Experts in two papers published disagree on whether cardiopulmonary resuscitation (CPR) guidelines should apply to hospices.
Dr Max Watson and colleagues believe that CPR is not always appropriate for patients who are dying and that hospices should be able to develop their own guidelines. However, Drs Claud Regnard and Fiona Randall argue that it is "inconceivable" that hospices should seek exemption from the good practice set out in the UK guidelines.
Watson says that blanket rules on CPR do not work in hospices because the needs of these patients are unique. In a hospice "the goal for the majority is quality of life and a dignified death", he argues. Dr Watson goes further and says that full CPR facilities are often not possible in hospices and that it is disingenuous to discuss this issue with patients when only basic life support equipment and training may be available.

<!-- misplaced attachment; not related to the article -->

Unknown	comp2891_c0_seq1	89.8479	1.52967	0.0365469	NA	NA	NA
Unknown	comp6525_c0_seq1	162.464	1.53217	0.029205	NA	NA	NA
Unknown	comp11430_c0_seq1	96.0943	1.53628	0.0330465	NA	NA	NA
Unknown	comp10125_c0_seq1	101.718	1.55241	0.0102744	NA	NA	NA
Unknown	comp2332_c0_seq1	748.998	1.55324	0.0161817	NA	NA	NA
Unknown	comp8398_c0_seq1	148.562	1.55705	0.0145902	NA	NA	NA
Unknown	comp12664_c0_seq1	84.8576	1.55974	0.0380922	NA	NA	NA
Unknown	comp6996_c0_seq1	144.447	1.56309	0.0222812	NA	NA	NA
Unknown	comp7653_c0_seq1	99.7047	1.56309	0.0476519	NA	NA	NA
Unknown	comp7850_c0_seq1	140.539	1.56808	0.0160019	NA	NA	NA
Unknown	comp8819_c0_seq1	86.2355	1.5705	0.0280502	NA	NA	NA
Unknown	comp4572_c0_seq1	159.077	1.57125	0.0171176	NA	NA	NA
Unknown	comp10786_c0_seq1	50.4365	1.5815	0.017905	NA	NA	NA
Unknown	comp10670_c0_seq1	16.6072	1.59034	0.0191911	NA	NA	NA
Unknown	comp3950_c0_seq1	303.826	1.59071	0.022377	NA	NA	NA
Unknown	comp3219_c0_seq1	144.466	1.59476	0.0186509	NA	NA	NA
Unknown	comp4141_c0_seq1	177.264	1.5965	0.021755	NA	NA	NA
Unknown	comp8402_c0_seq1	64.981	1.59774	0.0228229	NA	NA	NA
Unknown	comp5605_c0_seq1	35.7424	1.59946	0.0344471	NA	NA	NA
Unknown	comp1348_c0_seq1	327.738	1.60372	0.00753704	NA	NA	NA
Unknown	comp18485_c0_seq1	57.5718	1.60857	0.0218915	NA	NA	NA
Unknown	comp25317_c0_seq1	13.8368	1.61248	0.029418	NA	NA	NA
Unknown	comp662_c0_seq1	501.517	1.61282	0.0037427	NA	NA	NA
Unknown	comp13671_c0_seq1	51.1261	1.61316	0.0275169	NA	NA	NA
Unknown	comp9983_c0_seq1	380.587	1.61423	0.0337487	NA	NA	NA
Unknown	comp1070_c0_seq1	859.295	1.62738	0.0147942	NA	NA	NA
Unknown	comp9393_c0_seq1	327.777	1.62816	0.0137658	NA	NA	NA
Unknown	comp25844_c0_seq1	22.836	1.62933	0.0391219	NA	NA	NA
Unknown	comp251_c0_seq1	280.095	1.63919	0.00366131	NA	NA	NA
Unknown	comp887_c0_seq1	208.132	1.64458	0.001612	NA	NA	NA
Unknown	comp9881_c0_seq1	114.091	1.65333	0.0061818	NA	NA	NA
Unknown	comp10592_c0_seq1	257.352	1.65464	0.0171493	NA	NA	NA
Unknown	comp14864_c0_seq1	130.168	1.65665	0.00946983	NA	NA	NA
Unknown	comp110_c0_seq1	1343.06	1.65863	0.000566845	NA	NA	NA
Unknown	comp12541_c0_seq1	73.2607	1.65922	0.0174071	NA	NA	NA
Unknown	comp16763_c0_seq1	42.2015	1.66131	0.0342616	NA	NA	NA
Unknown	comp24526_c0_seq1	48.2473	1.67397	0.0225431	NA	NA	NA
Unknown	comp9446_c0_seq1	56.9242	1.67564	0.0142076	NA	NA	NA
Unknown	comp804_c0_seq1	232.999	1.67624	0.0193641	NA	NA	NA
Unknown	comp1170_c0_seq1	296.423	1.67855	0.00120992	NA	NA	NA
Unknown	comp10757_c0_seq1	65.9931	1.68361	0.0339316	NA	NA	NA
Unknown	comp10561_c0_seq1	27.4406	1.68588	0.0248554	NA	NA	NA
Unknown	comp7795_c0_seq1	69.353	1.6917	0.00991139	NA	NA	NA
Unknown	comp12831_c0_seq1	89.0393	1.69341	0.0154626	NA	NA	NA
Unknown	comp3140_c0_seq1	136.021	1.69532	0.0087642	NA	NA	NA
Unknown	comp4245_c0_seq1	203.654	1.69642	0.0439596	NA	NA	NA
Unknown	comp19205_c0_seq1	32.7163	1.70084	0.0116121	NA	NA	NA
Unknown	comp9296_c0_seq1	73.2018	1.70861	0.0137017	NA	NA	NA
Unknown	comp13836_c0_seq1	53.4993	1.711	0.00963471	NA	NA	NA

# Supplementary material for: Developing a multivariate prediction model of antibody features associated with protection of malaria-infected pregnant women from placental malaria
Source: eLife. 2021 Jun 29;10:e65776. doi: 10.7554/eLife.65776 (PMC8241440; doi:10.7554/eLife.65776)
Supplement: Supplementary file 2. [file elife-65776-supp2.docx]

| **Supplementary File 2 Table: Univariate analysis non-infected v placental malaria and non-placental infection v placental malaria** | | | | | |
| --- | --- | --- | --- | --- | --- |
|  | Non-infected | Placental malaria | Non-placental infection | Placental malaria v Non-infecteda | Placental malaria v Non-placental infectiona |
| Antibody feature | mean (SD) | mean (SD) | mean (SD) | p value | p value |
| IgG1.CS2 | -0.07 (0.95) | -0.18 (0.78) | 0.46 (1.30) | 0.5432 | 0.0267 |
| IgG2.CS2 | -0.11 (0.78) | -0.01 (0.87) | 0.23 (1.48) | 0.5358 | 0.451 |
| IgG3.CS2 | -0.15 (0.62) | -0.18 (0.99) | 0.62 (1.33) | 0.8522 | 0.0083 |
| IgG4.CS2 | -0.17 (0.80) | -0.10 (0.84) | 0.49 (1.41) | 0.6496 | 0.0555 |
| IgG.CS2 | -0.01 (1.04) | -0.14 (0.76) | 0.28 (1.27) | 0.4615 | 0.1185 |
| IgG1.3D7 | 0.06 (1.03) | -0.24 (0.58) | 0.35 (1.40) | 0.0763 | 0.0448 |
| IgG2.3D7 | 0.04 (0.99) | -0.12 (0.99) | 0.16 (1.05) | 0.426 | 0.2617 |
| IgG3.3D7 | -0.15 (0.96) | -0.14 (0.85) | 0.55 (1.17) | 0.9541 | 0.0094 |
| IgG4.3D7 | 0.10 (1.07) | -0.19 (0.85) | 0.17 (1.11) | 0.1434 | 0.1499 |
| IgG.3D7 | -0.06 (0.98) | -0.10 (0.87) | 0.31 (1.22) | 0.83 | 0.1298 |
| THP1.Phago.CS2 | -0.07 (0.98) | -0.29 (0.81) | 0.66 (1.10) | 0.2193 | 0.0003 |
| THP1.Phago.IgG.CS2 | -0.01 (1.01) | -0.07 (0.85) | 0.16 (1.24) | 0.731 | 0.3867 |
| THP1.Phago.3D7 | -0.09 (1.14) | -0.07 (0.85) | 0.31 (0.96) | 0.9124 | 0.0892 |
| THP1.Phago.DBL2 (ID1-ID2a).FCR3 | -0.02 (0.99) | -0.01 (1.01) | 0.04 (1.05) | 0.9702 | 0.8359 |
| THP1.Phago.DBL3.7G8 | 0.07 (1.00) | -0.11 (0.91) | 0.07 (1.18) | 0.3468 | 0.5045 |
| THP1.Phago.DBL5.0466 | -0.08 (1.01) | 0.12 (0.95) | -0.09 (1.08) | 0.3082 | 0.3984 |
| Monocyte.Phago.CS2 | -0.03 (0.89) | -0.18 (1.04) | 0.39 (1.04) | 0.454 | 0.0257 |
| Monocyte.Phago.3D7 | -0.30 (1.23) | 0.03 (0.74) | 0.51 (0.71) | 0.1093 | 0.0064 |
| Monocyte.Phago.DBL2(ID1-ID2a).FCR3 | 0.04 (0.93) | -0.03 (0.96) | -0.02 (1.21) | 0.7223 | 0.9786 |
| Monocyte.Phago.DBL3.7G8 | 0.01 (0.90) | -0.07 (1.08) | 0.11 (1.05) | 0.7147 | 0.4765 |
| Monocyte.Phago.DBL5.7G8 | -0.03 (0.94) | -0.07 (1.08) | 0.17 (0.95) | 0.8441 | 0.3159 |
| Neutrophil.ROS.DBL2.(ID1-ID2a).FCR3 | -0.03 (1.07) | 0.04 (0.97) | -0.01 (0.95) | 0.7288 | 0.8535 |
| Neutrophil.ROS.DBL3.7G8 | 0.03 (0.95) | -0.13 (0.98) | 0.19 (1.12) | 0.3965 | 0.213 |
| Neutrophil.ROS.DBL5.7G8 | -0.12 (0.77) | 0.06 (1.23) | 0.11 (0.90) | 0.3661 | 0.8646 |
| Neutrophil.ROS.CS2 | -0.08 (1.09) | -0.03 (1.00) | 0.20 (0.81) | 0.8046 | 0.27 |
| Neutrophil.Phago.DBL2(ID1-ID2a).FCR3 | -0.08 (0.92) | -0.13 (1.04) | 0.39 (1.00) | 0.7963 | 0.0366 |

In conclusion, Watson calls for specific hospice guidelines that are clear, simple and robust and that one national policy for both the acute and the hospice sector is too ambitious.
But Regnard and Randall believe that the current guidelines "uphold essential core principles and values that particularly apply in end of life care." They argue that the guidelines provide essential protection for patients and that it makes no sense to seek exemption from them. For example, the guidelines protect patients from arbitrary discrimination, safeguard a patient's right to receive or refuse CPR, and protect dying patients.
Regnard and Randall also argue that CPR decisions are determined by what is in the patient's best interest. Therefore if a patient lacked capacity and was unable to survive CPR then the procedure would not go ahead, "these safeguards are essential to prevent unnecessary distress for patients, partners, and relatives at the end of life," they say.
"Working to different rules in hospices would result in confusion, exclude hospice patients from recognised good practice, and would seriously compromise working partnerships with colleagues in other settings. Exemption would create poorer, and thus inequitable, care for hospice patients," they conclude.